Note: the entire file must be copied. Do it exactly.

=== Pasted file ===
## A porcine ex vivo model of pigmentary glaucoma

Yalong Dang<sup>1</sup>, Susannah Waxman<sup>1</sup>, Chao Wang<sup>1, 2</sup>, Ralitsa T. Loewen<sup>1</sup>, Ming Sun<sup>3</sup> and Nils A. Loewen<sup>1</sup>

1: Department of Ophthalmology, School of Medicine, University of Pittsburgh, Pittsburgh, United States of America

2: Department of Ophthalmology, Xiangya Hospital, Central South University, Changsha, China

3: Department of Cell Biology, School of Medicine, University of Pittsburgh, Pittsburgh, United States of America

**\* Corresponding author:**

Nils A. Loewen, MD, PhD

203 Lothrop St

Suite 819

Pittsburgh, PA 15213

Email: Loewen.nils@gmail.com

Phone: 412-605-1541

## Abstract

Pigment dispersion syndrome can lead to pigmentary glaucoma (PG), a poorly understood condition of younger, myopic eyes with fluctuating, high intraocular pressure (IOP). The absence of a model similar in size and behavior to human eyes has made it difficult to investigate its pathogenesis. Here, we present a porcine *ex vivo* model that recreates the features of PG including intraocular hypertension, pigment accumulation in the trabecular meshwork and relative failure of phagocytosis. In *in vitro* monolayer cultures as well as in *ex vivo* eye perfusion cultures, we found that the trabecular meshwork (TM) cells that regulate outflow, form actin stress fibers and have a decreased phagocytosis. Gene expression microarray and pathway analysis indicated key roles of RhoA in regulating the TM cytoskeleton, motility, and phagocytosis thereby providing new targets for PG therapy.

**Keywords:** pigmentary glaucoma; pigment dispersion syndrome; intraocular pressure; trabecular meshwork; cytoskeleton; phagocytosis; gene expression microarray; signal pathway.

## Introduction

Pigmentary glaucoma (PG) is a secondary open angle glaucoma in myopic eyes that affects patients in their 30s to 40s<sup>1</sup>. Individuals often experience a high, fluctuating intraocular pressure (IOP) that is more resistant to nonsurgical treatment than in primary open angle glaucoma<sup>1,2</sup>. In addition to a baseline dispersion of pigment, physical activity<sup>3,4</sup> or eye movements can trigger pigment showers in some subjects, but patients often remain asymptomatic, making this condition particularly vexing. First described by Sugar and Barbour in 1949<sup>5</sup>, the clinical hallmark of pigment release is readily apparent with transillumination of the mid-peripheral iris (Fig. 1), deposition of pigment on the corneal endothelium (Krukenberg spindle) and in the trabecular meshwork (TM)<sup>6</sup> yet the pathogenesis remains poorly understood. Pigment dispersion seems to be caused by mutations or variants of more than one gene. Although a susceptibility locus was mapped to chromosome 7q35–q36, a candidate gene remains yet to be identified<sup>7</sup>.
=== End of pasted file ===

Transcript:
## A porcine ex vivo model of pigmentary glaucoma

Yalong Dang<sup>1</sup>, Susannah Waxman<sup>1</sup>, Chao Wang<sup>1, 2</sup>, Ralitsa T. Loewen<sup>1</sup>, Ming Sun<sup>3</sup> and Nils A. Loewen<sup>1</sup>

1: Department of Ophthalmology, School of Medicine, University of Pittsburgh, Pittsburgh, United States of America

2: Department of Ophthalmology, Xiangya Hospital, Central South University, Changsha, China

3: Department of Cell Biology, School of Medicine, University of Pittsburgh, Pittsburgh, United States of America

**\* Corresponding author:**

Nils A. Loewen, MD, PhD

203 Lothrop St

Suite 819

Pittsburgh, PA 15213

Email: Loewen.nils@gmail.com

Phone: 412-605-1541

## Abstract

Pigment dispersion syndrome can lead to pigmentary glaucoma (PG), a poorly understood condition of younger, myopic eyes with fluctuating, high intraocular pressure (IOP). The absence of a model similar in size and behavior to human eyes has made it difficult to investigate its pathogenesis. Here, we present a porcine *ex vivo* model that recreates the features of PG including intraocular hypertension, pigment accumulation in the trabecular meshwork and relative failure of phagocytosis. In *in vitro* monolayer cultures as well as in *ex vivo* eye perfusion cultures, we found that the trabecular meshwork (TM) cells that regulate outflow, form actin stress fibers and have a decreased phagocytosis. Gene expression microarray and pathway analysis indicated key roles of RhoA in regulating the TM cytoskeleton, motility, and phagocytosis thereby providing new targets for PG therapy.

**Keywords:** pigmentary glaucoma; pigment dispersion syndrome; intraocular pressure; trabecular meshwork; cytoskeleton; phagocytosis; gene expression microarray; signal pathway.

## Introduction

Pigmentary glaucoma (PG) is a secondary open angle glaucoma in myopic eyes that affects patients in their 30s to 40s<sup>1</sup>. Individuals often experience a high, fluctuating intraocular pressure (IOP) that is more resistant to nonsurgical treatment than in primary open angle glaucoma<sup>1,2</sup>. In addition to a baseline dispersion of pigment, physical activity<sup>3,4</sup> or eye movements can trigger pigment showers in some subjects, but patients often remain asymptomatic, making this condition particularly vexing. First described by Sugar and Barbour in 1949<sup>5</sup>, the clinical hallmark of pigment release is readily apparent with transillumination of the mid-peripheral iris (Fig. 1), deposition of pigment on the corneal endothelium (Krukenberg spindle) and in the trabecular meshwork (TM)<sup>6</sup> yet the pathogenesis remains poorly understood. Pigment dispersion seems to be caused by mutations or variants of more than one gene. Although a susceptibility locus was mapped to chromosome 7q35–q36, a candidate gene remains yet to be identified<sup>7</sup>.